To the editor:
Parents have always been concerned about the quality of the public schools and rightfully so. Education is a very challenging undertaking. We entrust it to well-trained and highly motivated teachers. However, they are operating within an increasingly complex and difficult environment. Changes in curriculum, assessments and evaluation systems have impacted the ways in which public schools and educators are judged and assessed. In this environment, how does one improve the performance of an entire school community and establish processes to support sustained high performance?
NEASC accreditation offers a valuable solution to that challenge. It provides a time-tested process that combines educator self-reflection with peer review at every level during a self-study and an on-site visit conducted by educational peers from other public school systems. Every teacher is involved in frank conversations about strengths, needs and areas that require improvement. NEASC reviewers talk to teachers, administrators, students and parents, examine student work provided by the school, and also survey all parents on their assessment of the strengths and needs of their students’ school. We provide a multi-layered approach that offers a professional, reflective and thorough school review.
Before enactment of the federal “No Child Left Behind” law and recent state accountability laws, there was no significant government role in evaluating school quality. NEASC was the only educational association designed and dedicated to the purposes of quality assurance and continuous school improvement. However, times have changed. We are aware of the increasing pressures that government accountability demands are placing on our member schools. Responses to a recent membership survey found that our schools are highly appreciative of the value of accreditation but also find it increasingly challenging to address the requirements imposed by government accountability and NEASC accreditation simultaneously. We have heard our members and agree that NEASC must make our accreditation process complementary to and more closely aligned with government accountability requirements.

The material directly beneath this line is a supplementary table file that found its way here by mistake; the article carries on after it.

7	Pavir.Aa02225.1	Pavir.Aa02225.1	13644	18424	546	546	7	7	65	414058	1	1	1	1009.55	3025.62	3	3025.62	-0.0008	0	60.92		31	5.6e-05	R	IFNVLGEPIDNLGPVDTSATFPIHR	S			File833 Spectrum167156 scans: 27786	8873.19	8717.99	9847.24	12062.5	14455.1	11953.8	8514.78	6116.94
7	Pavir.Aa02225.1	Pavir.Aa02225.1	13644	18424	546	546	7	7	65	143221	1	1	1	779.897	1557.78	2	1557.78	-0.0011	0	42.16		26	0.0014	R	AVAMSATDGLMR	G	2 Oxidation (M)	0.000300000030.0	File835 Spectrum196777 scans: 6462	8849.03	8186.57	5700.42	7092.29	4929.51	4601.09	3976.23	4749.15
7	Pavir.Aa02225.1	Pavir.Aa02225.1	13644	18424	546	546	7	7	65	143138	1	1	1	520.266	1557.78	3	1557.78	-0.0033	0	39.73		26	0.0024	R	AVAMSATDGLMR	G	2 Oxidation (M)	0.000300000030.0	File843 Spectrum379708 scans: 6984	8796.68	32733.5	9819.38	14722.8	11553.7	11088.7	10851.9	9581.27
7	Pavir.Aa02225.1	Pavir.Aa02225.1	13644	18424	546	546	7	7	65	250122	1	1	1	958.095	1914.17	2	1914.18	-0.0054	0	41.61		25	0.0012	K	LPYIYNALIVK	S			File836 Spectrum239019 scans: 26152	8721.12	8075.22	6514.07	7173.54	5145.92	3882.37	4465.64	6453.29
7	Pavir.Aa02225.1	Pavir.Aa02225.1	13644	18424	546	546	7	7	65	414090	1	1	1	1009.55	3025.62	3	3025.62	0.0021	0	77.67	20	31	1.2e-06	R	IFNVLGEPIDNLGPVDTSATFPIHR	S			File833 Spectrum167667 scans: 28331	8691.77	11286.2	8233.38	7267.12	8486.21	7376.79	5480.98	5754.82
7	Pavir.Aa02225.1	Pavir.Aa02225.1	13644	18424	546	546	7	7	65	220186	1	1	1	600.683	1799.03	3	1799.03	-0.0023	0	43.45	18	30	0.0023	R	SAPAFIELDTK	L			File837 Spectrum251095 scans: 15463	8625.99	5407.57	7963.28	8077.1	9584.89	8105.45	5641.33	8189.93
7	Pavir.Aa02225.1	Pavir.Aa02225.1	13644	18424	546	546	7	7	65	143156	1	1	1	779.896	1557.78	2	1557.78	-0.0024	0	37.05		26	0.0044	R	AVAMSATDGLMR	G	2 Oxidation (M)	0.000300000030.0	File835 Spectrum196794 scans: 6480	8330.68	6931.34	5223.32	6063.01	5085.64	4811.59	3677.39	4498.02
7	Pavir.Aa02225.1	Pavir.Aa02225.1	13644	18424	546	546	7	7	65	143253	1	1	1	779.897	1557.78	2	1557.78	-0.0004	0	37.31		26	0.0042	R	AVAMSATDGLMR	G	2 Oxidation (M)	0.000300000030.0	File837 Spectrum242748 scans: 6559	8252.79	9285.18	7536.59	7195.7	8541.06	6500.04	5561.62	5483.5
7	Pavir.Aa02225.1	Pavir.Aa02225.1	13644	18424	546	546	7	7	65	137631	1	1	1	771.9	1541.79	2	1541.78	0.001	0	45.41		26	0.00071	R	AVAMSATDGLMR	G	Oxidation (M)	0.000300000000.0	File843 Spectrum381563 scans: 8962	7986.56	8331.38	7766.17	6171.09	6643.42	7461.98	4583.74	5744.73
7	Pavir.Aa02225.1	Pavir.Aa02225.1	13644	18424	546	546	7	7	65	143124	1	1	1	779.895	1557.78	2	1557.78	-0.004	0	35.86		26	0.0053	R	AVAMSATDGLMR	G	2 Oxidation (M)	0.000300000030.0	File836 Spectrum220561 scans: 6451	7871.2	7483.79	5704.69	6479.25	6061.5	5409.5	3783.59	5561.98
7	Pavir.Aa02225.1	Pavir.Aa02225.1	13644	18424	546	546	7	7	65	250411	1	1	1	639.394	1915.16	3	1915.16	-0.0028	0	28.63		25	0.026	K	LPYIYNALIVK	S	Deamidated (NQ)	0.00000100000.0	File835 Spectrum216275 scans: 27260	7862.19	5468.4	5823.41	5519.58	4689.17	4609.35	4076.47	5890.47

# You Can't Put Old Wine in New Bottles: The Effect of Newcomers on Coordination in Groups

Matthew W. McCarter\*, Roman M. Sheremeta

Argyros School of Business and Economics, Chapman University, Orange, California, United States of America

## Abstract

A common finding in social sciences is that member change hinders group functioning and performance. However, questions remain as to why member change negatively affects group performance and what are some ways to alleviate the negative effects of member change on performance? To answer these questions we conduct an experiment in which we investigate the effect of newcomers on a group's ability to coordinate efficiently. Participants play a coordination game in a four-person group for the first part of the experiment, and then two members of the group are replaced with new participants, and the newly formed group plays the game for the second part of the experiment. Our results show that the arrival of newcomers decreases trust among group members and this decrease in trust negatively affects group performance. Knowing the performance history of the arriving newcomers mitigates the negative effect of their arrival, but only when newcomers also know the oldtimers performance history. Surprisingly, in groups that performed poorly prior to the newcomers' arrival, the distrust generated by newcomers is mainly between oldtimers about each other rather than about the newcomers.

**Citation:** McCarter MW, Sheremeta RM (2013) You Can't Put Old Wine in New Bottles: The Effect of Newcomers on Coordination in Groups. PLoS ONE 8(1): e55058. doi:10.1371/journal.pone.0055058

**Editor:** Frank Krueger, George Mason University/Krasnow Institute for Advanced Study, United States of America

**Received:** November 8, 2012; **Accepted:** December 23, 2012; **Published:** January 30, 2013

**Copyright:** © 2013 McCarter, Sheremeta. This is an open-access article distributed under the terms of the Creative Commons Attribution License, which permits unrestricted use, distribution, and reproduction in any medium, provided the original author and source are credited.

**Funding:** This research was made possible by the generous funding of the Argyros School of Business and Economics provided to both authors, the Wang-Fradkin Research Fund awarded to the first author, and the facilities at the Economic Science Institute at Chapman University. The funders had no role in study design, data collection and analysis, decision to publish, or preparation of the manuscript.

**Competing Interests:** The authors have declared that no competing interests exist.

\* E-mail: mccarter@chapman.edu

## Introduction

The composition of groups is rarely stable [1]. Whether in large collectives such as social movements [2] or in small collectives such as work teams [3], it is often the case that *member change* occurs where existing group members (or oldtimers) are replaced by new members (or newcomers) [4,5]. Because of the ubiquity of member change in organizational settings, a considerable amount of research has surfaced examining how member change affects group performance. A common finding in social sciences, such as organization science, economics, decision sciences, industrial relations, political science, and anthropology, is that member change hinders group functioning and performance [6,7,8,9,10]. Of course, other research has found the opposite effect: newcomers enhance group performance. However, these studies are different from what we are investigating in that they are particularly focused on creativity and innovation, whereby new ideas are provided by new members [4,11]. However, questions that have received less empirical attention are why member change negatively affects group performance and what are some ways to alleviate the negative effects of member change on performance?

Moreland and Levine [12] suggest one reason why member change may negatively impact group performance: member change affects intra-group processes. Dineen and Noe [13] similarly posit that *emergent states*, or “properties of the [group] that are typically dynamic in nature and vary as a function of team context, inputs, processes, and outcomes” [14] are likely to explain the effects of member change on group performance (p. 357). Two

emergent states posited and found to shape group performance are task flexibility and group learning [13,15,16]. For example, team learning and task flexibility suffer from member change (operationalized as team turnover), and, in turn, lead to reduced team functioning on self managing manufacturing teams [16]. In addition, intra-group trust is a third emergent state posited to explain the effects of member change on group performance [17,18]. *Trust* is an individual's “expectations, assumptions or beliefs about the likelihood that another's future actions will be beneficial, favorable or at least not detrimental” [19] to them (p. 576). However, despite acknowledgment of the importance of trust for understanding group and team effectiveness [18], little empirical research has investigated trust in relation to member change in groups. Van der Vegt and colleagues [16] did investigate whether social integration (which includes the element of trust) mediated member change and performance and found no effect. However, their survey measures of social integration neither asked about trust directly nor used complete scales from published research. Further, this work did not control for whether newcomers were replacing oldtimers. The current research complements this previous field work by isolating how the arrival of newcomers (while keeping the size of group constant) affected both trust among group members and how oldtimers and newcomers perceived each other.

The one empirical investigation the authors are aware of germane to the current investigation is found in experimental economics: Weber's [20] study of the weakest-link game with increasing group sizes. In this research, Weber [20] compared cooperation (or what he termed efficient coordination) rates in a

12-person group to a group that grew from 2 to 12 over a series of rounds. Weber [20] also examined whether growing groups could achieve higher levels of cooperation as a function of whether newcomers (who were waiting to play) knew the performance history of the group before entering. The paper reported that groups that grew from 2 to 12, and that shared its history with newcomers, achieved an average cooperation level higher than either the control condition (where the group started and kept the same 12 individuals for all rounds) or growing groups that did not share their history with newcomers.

To this end, the NEASC Board of Trustees has established a special committee to reach out to school leaders across the region to determine how to maximize the value of school accreditation at a time of increasing attention to school improvement. In this process, committee members are traveling throughout New England to hear the thoughts and views of superintendents, principals and government officials. We will turn that advice into action later this year with a set of improvements to our accreditation process.
While governments typically spend most of their time and resources on public schools that are most in need of improvement, every school has challenges that need attention. NEASC accreditation focuses all schools on the need for continuous improvement, while also recognizing a school’s significant strengths and the quality programs and services required to sustain those strengths. Accreditation gives parents and policymakers a valuable independent report on whole school performance and recommendations for improvement. Member schools have frequently noted how accreditation served as a springboard to school improvement; from new facilities to new teaching and learning processes, personalization of instruction, and financial support for staffing levels, instructional materials and supplies.
The value of this process is immense, and the costs are reasonable. The annual dues for a public high school average about $3,500, not the $13,500 reported in a recent editorial. Every 10 years, a school must also pay the expenses of hosting a visiting team of knowledgeable peer reviewers. Our experts volunteer their time and provide the school with an extensive performance report at a fraction of its commercial value.
Looking forward, we commit to improve and enhance the value of our accreditation process. As we support the continuous improvement of our member schools, we will always keep our focus on improving the educational experience and success of their students. The unique programs, classes and activities, necessary resources, school climate and safety issues are all vitally important to students and are not measured by standardized tests. Accreditation works because it pays attention to all things, big and small, that impact our students. In the end, it is their success that matters.
President and CEO
New England Association of Schools and Colleges